As will be appreciated by those skilled in the art, the data collected by the agent 42 may be reported to the server 15 using any one or more techniques. For example, in one embodiment, the agent 42 may report collected data at predetermined time periods. The agent 42 may also report data to the server 15 in response to periodic polling by the server 15. In the event a user logs onto the device 12, the agent 42 may report such interactive activity immediately to the server 15. In one embodiment in which interactive login activity is given the highest priority and may displace or cause rescheduling of a scheduled task, the agent 42 may immediately report any interactive logon activity to the server 15. The server 15 may then make any possible adjustments to a scheduled task. It should be noted that if a scheduled task is already in progress, it may not be possible to interrupt execution of the task. Alternatively, if the user is logged on and the scheduled task has not yet commenced, the scheduled task may be rescheduled.

As described above, the device 16 and other devices may include components similar to those as described in connection with FIG. 2. Additionally, the devices may include other components for the particular device and usage thereof. In one embodiment as described herein, each of the devices 12 and 16 may be computers such as personal computers. However, the foregoing should not be construed as a limitation of the techniques herein which, as will be appreciated by those skilled in the art, may be utilized with a wide variety of devices capable of performing the processing described herein.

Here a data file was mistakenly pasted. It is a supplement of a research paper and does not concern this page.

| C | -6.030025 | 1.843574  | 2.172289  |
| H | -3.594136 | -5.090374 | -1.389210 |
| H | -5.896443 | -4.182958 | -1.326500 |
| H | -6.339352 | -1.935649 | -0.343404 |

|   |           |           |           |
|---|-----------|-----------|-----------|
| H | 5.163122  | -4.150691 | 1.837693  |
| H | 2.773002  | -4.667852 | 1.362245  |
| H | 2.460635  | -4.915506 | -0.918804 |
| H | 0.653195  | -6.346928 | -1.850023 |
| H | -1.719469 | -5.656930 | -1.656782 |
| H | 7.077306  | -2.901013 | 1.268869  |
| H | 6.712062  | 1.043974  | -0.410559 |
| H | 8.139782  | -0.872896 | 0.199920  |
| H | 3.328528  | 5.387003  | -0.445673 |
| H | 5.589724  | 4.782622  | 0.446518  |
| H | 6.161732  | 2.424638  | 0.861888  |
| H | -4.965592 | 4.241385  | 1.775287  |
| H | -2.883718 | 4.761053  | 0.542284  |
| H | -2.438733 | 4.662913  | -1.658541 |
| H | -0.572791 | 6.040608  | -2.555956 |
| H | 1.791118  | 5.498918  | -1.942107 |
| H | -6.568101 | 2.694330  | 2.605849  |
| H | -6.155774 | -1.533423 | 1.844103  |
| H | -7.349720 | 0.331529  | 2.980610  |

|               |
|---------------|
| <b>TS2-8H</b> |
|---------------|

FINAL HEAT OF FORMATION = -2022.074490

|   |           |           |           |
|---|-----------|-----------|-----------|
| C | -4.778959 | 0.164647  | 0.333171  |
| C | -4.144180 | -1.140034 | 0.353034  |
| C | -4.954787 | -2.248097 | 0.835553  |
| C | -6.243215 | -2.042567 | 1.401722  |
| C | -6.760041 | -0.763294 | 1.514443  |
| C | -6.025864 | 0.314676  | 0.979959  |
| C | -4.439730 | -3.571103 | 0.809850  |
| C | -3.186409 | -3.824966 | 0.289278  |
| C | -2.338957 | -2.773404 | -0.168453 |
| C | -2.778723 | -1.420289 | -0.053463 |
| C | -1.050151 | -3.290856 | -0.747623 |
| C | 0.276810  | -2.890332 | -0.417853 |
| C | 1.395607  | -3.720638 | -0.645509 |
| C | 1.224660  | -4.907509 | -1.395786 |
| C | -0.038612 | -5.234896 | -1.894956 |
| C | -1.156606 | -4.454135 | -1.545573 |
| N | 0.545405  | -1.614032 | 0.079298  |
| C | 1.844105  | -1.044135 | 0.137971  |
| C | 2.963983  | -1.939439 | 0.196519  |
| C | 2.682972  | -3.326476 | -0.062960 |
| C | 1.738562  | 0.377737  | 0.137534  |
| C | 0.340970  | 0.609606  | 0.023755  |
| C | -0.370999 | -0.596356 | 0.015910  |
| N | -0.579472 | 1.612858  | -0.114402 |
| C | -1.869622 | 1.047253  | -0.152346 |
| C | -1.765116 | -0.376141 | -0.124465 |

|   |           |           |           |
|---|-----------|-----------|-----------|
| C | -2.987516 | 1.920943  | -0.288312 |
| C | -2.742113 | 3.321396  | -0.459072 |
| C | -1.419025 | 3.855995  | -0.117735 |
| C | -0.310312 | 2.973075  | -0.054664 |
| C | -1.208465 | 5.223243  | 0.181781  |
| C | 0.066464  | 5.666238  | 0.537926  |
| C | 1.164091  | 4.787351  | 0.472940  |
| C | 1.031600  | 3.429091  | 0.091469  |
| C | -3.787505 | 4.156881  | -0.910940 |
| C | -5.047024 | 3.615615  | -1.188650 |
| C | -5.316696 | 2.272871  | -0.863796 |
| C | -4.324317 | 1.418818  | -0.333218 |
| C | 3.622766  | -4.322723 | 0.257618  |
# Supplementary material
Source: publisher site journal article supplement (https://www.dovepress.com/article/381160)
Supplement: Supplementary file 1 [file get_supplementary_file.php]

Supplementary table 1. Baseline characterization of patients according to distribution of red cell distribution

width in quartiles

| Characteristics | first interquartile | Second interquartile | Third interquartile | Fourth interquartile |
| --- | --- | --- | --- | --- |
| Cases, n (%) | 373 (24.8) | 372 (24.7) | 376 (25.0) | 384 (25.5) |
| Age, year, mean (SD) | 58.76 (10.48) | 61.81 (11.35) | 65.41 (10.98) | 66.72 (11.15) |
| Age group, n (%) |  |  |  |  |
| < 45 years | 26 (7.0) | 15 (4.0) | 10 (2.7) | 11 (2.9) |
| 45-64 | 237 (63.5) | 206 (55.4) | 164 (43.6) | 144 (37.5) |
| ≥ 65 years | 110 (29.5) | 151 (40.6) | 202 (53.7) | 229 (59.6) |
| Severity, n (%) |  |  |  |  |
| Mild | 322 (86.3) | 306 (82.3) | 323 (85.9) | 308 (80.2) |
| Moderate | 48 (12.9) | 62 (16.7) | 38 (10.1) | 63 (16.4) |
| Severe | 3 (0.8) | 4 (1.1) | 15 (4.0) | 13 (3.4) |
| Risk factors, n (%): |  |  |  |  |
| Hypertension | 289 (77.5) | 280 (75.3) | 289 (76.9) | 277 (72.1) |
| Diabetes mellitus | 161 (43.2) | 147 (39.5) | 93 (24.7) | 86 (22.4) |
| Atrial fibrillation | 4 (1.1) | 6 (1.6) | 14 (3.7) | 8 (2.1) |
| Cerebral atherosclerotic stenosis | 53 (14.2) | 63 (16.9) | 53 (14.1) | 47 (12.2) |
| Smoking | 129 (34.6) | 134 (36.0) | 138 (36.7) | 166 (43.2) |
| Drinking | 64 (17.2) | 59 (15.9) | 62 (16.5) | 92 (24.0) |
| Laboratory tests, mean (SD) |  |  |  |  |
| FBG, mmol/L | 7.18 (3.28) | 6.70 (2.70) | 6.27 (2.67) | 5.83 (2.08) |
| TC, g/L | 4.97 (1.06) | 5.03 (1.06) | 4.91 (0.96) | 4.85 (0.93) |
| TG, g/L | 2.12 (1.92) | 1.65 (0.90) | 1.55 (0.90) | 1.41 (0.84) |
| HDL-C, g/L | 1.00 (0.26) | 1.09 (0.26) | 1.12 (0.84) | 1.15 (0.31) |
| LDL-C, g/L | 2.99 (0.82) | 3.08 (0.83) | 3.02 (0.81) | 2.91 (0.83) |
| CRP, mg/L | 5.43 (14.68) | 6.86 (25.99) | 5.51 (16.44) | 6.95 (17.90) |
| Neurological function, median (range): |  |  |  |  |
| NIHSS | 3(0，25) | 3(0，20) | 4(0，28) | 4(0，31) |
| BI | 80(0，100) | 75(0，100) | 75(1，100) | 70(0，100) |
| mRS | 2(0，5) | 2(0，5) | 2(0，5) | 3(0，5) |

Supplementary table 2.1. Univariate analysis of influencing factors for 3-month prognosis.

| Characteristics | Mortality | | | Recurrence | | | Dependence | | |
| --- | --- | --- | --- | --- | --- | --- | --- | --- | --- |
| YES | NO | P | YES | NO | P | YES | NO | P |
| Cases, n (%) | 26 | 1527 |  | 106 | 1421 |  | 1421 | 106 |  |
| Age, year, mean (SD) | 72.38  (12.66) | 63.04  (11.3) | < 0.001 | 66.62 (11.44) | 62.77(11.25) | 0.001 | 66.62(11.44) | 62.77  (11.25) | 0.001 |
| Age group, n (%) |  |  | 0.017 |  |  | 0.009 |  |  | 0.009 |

Referring now to FIG. 3, shown is an example of components that may be included in the server 15 and used in connection with performing the various embodiments of the techniques described herein. As illustrated in FIG. 3, an embodiment of the server 15 may include components similar to those described in connection with FIG. 2. In one embodiment the server 15 may include one or more operating systems 140, a monitored data collection module 142, a scheduler 144 and a registration module 146.

The registration module 146 may be used in connection with registering tasks of the one or more devices 12 and 16 for scheduling by the scheduler 144. The registration may be performed using an API (application programming interface) including one or more parameters. In one embodiment, the API may include the following:

task, duration, priority, scheduling criteria